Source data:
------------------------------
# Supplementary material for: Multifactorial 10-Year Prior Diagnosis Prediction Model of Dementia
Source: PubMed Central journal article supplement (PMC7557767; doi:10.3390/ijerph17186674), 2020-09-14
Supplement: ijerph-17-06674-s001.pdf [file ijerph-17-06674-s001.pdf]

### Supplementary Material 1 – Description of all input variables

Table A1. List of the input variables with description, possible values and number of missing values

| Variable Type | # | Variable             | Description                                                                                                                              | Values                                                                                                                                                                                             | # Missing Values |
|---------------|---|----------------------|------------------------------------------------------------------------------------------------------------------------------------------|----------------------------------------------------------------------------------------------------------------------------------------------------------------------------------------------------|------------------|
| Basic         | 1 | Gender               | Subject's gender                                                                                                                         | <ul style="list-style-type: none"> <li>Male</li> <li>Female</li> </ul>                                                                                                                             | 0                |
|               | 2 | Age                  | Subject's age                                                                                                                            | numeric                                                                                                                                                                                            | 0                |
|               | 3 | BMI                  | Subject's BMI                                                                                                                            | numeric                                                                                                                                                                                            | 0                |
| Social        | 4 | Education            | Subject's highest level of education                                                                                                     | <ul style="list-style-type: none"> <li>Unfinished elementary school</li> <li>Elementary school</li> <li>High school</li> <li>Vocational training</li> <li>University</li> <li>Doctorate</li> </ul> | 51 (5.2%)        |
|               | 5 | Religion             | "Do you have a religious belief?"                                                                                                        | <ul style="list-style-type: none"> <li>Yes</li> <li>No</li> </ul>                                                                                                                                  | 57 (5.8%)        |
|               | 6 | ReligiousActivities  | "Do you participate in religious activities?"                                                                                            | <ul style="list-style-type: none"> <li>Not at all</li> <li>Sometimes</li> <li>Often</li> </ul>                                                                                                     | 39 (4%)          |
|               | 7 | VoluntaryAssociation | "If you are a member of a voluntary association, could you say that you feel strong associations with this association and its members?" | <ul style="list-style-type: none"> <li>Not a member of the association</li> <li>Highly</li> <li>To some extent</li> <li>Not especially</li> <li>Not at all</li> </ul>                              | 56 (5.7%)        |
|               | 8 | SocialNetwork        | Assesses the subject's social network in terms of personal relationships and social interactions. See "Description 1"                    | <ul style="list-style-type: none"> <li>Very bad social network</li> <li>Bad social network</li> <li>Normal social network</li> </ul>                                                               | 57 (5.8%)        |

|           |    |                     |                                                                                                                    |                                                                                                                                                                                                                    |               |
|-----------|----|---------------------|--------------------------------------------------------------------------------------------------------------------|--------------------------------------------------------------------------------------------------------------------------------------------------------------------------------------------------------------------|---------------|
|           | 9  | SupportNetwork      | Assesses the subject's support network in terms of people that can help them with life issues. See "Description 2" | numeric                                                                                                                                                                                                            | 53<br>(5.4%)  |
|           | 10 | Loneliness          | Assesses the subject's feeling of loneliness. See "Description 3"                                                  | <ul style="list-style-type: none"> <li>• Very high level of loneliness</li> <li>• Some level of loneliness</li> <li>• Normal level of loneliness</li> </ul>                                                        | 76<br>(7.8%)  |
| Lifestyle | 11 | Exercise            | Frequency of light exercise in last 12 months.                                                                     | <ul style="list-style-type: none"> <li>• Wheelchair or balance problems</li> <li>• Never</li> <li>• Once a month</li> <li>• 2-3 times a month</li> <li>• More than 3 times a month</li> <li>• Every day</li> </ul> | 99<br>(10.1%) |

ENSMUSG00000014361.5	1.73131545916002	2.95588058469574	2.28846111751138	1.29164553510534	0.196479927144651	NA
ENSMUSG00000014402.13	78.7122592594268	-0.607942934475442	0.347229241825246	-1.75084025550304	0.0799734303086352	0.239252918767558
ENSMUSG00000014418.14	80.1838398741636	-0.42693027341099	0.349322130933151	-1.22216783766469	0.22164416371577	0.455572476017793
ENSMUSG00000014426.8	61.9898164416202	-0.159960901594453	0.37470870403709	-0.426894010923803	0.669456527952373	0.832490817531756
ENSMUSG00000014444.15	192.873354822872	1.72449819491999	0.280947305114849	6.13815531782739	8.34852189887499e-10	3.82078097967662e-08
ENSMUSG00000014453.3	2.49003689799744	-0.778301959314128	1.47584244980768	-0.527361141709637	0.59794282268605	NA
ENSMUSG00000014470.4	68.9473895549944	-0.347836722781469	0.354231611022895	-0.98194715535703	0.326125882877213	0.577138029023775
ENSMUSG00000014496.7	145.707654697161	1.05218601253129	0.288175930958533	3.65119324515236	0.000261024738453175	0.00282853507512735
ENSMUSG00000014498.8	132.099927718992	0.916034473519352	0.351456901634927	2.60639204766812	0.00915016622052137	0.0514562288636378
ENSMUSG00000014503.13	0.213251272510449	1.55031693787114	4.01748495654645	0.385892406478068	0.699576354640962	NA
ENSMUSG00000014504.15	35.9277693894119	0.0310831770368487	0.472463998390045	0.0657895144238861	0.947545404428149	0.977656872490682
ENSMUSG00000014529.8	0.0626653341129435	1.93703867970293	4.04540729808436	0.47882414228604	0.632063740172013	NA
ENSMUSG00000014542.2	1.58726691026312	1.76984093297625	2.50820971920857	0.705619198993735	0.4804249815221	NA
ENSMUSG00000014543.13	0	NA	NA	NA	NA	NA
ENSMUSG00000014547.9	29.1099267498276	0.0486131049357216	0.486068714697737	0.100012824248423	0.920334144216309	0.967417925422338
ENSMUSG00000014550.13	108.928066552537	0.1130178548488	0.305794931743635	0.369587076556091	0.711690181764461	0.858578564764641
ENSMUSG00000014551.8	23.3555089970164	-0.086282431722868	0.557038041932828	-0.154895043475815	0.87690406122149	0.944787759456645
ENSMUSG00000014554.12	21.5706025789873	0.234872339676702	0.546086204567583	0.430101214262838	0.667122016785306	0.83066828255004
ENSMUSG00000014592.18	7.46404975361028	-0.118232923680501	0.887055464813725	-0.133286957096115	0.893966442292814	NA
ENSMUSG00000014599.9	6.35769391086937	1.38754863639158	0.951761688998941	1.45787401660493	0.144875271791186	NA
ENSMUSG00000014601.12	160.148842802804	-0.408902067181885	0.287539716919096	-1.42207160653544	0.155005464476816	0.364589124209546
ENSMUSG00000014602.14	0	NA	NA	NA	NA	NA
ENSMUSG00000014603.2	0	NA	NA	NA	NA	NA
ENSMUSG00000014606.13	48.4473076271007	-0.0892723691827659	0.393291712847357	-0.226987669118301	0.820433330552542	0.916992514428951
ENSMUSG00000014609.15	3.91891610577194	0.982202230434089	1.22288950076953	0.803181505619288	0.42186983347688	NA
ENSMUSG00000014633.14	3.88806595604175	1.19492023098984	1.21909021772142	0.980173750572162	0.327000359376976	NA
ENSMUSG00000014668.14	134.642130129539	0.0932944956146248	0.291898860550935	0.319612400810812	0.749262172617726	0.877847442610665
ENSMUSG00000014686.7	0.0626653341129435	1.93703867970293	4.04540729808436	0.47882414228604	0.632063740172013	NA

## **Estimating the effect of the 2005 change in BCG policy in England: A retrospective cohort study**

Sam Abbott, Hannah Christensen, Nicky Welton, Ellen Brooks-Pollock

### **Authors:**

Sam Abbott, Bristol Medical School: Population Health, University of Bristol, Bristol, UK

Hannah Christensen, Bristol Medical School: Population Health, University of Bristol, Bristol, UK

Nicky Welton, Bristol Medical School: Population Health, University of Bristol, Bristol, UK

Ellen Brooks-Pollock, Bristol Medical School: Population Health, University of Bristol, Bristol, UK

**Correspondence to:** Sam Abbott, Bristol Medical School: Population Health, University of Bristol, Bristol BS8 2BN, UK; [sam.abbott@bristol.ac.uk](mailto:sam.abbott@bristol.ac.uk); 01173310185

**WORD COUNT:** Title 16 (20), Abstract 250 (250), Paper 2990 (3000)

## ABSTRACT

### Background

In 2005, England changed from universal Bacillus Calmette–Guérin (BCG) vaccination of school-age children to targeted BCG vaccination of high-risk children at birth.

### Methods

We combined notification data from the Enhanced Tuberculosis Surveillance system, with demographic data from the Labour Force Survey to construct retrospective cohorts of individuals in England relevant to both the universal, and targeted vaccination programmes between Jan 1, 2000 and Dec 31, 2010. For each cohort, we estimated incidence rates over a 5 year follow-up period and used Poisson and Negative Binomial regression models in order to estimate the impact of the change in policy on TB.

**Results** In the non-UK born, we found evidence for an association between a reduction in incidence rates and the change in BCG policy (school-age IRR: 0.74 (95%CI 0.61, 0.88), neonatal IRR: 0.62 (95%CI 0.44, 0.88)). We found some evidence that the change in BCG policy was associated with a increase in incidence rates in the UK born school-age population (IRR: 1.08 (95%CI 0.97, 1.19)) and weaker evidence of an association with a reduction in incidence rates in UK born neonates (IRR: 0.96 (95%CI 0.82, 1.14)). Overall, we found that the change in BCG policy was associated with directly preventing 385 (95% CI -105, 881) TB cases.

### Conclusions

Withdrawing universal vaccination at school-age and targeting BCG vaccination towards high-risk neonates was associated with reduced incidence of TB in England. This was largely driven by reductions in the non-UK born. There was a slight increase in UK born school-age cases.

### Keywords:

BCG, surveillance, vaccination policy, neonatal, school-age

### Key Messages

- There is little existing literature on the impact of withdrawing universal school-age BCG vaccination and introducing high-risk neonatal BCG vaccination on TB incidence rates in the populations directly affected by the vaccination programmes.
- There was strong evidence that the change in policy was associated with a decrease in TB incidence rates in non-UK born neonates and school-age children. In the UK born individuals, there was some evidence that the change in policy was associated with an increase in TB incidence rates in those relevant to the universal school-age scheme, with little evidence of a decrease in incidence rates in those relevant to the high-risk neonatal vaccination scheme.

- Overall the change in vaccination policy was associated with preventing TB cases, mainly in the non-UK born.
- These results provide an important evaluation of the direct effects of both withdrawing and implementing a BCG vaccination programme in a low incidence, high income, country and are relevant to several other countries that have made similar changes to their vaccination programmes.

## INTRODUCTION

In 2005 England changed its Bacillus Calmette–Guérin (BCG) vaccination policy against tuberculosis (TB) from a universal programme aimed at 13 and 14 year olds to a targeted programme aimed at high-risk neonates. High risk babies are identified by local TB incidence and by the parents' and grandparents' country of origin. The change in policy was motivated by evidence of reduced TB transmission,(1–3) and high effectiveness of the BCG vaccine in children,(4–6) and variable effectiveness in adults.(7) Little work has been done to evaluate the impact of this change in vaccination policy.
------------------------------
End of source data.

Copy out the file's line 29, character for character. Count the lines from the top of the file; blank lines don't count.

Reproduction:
ENSMUSG00000014498.8	132.099927718992	0.916034473519352	0.351456901634927	2.60639204766812	0.00915016622052137	0.0514562288636378